Pubdate: Thu, 14 Oct 1999
Source: Washington Post (DC)
Section: Front Page
Copyright: 1999 The Washington Post Company
Address: 1150 15th Street Northwest, Washington, DC 20071
Author: Kirk Semple, Special to The Washington Post
Note: Staff writer Lorraine Adams in Washington contributed to this report.


BOGOTA, Colombia, Oct. 13 - Thirty-one alleged drug traffickers, including a
co-founder of the notorious Medellin cartel and a high-tech smuggling
magnate, were arrested today in an international dragnet that officials
described as one of the biggest blows ever against the drug trade.

Colombia's national police chief, Gen. Rosso Jose Serrano, pledged that the
main suspects will be extradited to the United States, a promise that U.S.
Attorney General Janet Reno welcomed in Washington. No Colombian national
has been extradited to the United States to stand trial since 1991.

The suspects belonged to the world's largest current drug-trafficking and
money-laundering network, linking Ecuador, Colombia, Mexico, the United
States and Europe in an enterprise responsible for exporting an estimated 25
to 30 tons of cocaine per month to international markets, Serrano said. The
catch included Fabio Ochoa, who with two of his brothers began the now
dispersed Medellin cartel in the 1980s, and Alejandro Bernal, alias
"Juvenal," whom authorities described as the brain behind a sophisticated
conglomerate that laundered money and used encrypted telephone equipment and
the Internet to coordinate deliveries and move profits.

Serrano described a year-long, multinational investigation that exposed the
network as "the most impressive, the most important" operation ever
conducted by Colombian authorities and their colleagues in the United States
and other Latin American countries. Most of the arrests were made in predawn
raids in the Colombian cities of Bogota, Medellin, and Cali, although at
least one suspect was seized in Mexico, Serrano said.

Agents from the Drug Enforcement Administration and FBI also participated in
the investigation, dubbed Operation Millennium, he added. The suspects were
indicted last month by a grand jury in Miami. "The principal members of this
organization will be extradited to the United States," said an announcement
from Serrano's office.

Attorney General Reno, at a news conference in Washington, expressed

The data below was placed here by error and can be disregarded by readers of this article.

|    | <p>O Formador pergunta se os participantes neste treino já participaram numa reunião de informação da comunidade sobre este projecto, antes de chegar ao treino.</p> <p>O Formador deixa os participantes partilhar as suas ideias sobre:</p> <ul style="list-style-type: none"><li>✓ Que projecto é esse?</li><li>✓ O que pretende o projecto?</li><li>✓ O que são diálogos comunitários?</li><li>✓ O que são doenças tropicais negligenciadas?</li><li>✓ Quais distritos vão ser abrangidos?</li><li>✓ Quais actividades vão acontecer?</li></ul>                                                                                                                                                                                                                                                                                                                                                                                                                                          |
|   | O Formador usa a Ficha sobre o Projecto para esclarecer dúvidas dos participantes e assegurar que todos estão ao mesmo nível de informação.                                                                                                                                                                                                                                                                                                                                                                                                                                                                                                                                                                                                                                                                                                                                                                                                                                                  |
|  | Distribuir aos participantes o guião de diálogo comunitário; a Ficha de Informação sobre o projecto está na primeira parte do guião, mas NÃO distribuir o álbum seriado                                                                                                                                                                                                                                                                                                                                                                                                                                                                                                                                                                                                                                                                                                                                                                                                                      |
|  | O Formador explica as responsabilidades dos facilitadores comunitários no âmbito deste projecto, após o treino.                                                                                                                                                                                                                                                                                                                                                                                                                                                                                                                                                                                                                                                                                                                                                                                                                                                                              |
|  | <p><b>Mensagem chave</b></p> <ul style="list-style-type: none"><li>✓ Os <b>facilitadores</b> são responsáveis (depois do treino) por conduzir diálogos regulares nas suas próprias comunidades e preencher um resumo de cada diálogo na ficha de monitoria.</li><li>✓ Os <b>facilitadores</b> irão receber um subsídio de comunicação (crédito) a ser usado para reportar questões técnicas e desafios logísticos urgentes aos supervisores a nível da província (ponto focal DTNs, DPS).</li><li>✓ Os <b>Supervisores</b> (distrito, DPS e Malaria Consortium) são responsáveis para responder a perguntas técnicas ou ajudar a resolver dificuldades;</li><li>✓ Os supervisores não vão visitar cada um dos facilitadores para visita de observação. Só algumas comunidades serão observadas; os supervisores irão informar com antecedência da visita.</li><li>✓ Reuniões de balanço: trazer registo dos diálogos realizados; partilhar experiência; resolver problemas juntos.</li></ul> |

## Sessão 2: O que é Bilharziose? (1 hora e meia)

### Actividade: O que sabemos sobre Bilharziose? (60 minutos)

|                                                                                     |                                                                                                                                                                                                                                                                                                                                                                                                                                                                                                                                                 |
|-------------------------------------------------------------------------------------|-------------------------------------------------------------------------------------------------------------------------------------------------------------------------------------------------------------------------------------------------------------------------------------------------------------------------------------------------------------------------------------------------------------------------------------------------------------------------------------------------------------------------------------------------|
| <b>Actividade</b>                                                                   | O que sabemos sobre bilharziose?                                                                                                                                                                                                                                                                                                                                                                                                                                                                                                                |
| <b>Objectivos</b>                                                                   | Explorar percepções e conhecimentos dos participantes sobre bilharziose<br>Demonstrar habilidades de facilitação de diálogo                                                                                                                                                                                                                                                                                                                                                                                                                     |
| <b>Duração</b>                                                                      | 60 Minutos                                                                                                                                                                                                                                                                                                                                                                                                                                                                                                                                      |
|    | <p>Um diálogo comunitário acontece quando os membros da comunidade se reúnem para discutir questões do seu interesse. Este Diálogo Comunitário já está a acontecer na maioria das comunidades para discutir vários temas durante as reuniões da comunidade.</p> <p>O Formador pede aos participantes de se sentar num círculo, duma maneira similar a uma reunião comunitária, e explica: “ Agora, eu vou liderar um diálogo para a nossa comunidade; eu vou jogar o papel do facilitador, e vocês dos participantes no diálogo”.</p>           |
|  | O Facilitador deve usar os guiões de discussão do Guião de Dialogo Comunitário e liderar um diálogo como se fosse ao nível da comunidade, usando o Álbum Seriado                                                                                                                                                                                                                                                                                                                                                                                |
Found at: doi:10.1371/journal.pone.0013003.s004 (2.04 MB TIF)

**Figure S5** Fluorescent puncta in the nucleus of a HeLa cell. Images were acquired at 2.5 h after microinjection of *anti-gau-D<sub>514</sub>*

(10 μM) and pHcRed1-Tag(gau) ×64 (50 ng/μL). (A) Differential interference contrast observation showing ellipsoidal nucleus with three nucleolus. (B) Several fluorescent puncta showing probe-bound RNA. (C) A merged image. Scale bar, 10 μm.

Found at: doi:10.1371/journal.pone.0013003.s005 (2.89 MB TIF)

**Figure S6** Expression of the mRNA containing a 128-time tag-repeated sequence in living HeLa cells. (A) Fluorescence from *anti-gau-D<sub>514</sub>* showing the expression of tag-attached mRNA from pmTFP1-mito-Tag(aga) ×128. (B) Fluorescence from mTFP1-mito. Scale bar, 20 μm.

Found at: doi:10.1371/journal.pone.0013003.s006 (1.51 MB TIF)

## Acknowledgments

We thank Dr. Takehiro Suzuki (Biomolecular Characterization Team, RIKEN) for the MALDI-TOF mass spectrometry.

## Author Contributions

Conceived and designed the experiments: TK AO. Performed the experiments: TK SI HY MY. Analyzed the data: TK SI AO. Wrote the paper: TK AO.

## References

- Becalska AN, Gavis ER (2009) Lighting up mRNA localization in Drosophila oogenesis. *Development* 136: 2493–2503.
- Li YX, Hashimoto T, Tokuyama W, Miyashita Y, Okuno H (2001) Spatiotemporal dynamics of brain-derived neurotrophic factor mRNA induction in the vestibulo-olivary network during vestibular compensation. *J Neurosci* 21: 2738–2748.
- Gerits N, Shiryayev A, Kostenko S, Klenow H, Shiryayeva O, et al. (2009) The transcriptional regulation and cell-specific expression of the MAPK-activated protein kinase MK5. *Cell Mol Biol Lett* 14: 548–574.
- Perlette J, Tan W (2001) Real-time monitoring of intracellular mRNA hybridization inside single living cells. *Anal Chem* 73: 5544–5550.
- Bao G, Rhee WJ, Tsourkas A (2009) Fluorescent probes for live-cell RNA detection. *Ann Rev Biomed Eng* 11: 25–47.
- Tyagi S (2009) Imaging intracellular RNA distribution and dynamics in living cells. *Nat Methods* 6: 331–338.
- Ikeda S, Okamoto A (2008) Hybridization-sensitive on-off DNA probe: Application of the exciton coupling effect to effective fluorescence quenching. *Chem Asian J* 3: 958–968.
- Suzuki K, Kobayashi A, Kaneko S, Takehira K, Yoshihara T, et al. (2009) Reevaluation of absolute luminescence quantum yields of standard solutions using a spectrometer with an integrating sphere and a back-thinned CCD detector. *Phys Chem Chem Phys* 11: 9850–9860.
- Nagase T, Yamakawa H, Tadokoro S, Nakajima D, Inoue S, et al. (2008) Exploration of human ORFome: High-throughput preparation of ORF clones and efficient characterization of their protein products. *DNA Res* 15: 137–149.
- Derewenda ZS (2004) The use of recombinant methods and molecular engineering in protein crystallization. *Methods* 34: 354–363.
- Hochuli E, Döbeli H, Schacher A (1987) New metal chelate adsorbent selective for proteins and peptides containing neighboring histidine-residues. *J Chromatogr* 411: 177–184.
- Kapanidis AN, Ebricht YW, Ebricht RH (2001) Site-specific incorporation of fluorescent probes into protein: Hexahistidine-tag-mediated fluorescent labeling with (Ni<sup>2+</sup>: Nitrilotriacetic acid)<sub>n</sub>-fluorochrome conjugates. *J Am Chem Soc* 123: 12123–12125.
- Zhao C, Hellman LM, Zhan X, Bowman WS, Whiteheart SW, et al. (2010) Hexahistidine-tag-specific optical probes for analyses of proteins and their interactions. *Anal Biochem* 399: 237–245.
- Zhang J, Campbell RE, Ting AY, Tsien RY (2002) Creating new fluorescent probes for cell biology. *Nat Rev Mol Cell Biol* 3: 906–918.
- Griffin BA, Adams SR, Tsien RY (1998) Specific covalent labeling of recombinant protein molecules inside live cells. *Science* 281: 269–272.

satisfaction at Colombia's resolve to proceed with the extraditions, which
has long been a touchy subject here. "I know after my conversation with
President [Andres] Pastrana this morning and my conversation with officials
when I was in Colombia that we will have this cooperation," she said.

If convicted of money laundering and other drug charges, the Colombians
could face life sentences in U.S. prisons 96 an eventuality feared by
Colombian drug lords.

Authorities charged that Bernal and Ochoa operated from Colombia, shipping
drugs to Mexico, where other traffickers 96 whose arrests were announced
last month in an investigation called Operation Impunity 96 shipped them on
to the United States. "Bernal no doubt thought that this arrangement
insulated him from U.S. law enforcement, but this morning he found out that
it does not do so," said the acting DEA administrator, Donnie Marshall.

Colombia has not extradited any citizen to the United States since it
changed its law eight years ago to forbid extradition after a terror
campaign masterminded by a Medellin cartel kingpin, the late Pablo Escobar.
But the extradition law was revived Dec. 17, 1997, and can be applied to
anyone accused of crimes committed since that date.

Before today's arrests, the United States had begun the lengthy extradition
process for 11 other suspects wanted for various drug trafficking charges, a
U.S. Embassy official said. All have been arrested and the United States has
fulfilled the requirements for soliciting extradition of 10 of them, he
said. The decision of who might be extradited first 96 and when 96 rests
with Colombia's Constitutional Court.

U.S. officials said the absence of extraditions from Colombia, the world's
leading exporter of cocaine and a growing source of heroin, has been an
issue of contention between the two countries. In spite of this irritant,
the U.S. Congress has been laboring over a massive new aid package to help
the Colombian military in its fight against the drug traffickers and their
allies among leftist rebel groups that control some 40 percent of the
national territory.

Against that background, Serrano hailed the intensive, multinational
Operation Millennium as a model for the war on drugs. "Narco-trafficking has
to be fought like this: with a lot of international responsibility," he said
at a news conference at police headquarters in Bogota. "Narco-trafficking
can't only be fought exclusively in only one country."

Police officers then paraded many of the defendants, handcuffed to one
another in a line, in front of reporters and television cameras.

Arguably the biggest catch was Ochoa, one of three brothers who founded the
Medellin cartel that became the world's most powerful drug trafficking
organization during the 1980s. Taking advantage of a generous plea
bargaining system, the Ochoa brothers surrendered to Colombia's judicial
system in late 1990 and received light prison sentences. Fabio Ochoa, who
police said is now 45, was released in 1996.

A short, slim man, he stood at the end of the line wearing a leather jacket
and blue slacks. While others concealed their heads with their jackets,
Ochoa gazed expressionless at the media throng, a tired look on his face.

Staff writer Lorraine Adams in Washington contributed to this report.

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